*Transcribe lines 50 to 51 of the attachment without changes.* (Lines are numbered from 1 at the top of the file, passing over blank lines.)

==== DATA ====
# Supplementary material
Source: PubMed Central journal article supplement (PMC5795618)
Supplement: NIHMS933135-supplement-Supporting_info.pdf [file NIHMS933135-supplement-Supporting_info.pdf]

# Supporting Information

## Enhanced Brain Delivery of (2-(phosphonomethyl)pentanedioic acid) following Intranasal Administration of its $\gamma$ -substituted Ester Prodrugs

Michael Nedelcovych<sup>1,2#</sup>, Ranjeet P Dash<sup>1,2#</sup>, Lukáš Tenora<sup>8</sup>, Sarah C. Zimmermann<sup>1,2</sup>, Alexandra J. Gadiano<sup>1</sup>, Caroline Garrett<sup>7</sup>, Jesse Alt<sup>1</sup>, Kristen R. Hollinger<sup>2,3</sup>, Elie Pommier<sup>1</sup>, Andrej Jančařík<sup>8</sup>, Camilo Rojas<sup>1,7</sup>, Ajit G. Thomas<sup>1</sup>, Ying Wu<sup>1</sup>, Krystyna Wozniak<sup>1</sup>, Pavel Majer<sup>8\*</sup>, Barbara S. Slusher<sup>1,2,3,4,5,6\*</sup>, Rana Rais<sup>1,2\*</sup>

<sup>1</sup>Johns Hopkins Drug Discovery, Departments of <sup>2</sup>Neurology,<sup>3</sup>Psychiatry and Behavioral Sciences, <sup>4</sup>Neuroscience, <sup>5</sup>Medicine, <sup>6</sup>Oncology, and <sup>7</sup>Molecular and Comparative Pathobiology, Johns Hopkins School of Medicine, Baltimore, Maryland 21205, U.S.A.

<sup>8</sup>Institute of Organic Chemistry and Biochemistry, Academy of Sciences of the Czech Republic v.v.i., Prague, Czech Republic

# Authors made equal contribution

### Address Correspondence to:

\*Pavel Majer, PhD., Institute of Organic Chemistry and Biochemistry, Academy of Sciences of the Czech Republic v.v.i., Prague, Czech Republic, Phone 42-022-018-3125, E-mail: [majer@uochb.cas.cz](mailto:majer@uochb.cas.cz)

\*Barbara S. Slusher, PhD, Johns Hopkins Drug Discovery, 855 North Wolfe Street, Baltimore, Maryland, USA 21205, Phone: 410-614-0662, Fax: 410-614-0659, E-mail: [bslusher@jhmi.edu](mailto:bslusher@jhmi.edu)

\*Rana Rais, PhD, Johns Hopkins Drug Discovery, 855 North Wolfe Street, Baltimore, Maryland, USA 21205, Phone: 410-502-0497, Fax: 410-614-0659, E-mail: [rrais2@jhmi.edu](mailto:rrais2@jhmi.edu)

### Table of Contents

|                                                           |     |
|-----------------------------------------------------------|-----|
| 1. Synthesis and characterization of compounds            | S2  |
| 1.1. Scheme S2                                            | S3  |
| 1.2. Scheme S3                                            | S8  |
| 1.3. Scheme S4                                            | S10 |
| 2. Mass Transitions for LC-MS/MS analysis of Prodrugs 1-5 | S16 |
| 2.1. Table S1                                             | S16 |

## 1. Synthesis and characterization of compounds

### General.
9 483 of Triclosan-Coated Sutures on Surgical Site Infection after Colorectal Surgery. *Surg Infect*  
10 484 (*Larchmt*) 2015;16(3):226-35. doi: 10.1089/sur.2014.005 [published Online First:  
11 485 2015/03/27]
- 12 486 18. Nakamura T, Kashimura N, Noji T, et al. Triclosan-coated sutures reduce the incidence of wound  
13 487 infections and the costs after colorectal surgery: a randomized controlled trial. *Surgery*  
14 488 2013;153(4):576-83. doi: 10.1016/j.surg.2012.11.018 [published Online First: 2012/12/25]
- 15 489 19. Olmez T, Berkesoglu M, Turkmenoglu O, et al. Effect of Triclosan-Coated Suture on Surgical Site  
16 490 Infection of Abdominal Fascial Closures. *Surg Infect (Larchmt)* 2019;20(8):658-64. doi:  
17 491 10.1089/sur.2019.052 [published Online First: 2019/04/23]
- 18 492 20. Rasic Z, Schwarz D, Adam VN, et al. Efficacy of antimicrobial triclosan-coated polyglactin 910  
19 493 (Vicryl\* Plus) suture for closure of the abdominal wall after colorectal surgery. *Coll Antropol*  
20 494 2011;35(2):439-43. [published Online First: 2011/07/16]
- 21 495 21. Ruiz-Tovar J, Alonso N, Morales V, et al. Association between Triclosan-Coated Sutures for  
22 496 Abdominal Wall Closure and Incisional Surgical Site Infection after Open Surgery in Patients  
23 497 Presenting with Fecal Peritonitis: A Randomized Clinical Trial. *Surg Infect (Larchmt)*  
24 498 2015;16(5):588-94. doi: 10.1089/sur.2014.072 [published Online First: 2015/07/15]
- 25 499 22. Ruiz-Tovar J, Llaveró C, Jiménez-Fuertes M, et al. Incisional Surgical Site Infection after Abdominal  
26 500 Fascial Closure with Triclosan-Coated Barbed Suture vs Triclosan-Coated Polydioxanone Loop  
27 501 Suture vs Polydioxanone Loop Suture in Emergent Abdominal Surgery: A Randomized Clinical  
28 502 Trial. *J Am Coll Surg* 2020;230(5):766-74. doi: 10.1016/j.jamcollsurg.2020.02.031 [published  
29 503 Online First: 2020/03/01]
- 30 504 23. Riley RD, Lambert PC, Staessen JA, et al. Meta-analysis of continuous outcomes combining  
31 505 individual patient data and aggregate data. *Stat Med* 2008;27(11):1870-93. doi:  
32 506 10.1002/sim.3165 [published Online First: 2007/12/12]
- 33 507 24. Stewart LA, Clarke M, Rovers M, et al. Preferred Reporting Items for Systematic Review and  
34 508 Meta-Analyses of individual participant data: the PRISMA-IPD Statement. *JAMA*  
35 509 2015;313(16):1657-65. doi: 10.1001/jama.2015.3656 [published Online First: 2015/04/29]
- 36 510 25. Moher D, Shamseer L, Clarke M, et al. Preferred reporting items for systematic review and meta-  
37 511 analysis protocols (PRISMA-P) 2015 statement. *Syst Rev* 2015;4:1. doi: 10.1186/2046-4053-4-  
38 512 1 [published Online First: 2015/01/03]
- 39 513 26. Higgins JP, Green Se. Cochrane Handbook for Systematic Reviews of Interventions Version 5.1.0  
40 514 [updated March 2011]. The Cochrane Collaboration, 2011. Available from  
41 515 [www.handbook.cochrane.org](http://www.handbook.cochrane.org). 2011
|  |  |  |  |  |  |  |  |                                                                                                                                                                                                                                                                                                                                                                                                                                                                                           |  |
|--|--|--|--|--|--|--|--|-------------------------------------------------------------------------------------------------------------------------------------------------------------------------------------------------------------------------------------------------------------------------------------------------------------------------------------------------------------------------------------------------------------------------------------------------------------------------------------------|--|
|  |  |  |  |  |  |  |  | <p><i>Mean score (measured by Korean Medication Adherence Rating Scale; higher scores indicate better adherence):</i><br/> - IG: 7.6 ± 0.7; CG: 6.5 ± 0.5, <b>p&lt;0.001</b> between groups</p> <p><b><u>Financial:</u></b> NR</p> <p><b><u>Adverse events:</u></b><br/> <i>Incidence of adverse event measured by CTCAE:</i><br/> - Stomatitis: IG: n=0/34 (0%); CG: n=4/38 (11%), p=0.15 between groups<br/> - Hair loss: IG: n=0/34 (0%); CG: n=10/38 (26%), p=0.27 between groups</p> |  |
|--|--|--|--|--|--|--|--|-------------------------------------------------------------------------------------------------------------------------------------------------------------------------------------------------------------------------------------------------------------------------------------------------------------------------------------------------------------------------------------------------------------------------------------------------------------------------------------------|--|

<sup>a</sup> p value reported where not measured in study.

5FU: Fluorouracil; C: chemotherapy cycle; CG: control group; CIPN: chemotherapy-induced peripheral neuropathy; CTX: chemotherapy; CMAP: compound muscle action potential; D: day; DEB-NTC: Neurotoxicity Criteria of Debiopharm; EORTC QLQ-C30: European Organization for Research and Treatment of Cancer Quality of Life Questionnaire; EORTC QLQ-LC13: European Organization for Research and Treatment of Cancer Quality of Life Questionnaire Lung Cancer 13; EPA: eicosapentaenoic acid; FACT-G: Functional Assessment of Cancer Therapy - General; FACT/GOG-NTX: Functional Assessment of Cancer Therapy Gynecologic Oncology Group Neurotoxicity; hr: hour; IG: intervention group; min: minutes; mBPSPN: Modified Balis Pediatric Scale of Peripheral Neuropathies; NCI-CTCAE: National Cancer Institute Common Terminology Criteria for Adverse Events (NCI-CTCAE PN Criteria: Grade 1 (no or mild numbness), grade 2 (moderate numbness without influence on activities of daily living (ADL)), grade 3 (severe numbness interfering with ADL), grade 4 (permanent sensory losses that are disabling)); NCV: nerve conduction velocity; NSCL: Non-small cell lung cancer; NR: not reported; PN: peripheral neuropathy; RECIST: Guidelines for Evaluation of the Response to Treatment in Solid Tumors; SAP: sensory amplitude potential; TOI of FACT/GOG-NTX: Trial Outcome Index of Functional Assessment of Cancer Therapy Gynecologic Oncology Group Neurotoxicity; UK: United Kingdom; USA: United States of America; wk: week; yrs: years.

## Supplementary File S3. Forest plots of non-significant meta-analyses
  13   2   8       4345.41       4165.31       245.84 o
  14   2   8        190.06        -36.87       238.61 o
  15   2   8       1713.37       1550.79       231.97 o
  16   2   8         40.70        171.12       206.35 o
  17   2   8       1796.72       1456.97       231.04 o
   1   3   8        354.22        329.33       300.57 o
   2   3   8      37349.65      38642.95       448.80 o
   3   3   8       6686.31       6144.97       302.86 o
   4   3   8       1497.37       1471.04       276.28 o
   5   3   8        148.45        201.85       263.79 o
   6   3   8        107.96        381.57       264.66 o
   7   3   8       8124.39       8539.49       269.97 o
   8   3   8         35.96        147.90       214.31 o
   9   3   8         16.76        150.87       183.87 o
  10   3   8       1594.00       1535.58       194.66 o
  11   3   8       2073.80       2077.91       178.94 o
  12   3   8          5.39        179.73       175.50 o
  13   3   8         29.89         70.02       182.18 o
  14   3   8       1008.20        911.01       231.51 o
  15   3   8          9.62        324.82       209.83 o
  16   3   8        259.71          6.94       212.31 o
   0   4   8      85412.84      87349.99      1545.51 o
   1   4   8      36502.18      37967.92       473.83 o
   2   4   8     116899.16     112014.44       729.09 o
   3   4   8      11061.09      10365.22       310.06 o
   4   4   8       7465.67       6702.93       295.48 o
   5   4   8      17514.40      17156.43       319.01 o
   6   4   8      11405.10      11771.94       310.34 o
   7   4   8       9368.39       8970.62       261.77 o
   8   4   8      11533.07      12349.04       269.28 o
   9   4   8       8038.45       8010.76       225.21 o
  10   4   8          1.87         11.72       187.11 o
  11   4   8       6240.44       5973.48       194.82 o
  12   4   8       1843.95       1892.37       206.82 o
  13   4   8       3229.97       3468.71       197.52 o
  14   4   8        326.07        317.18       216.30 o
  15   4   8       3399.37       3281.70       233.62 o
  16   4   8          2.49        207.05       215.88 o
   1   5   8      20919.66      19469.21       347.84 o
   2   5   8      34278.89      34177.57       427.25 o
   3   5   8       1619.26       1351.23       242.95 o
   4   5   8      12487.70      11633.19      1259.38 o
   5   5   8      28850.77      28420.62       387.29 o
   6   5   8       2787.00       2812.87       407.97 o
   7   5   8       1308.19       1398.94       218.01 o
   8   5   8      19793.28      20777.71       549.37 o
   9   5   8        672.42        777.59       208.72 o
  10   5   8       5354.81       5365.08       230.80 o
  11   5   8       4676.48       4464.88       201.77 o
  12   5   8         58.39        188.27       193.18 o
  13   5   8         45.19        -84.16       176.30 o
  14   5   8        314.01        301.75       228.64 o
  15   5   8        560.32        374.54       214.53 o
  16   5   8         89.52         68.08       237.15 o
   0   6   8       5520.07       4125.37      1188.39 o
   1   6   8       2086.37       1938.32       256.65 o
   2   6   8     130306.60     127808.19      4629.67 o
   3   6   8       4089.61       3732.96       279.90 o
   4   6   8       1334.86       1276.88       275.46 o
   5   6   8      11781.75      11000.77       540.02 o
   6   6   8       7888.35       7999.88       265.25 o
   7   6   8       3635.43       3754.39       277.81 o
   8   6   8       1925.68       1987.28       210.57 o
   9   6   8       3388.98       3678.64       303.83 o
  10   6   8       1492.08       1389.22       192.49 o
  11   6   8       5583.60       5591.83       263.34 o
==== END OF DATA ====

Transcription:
34 508 Meta-Analyses of individual participant data: the PRISMA-IPD Statement. *JAMA*  
35 509 2015;313(16):1657-65. doi: 10.1001/jama.2015.3656 [published Online First: 2015/04/29]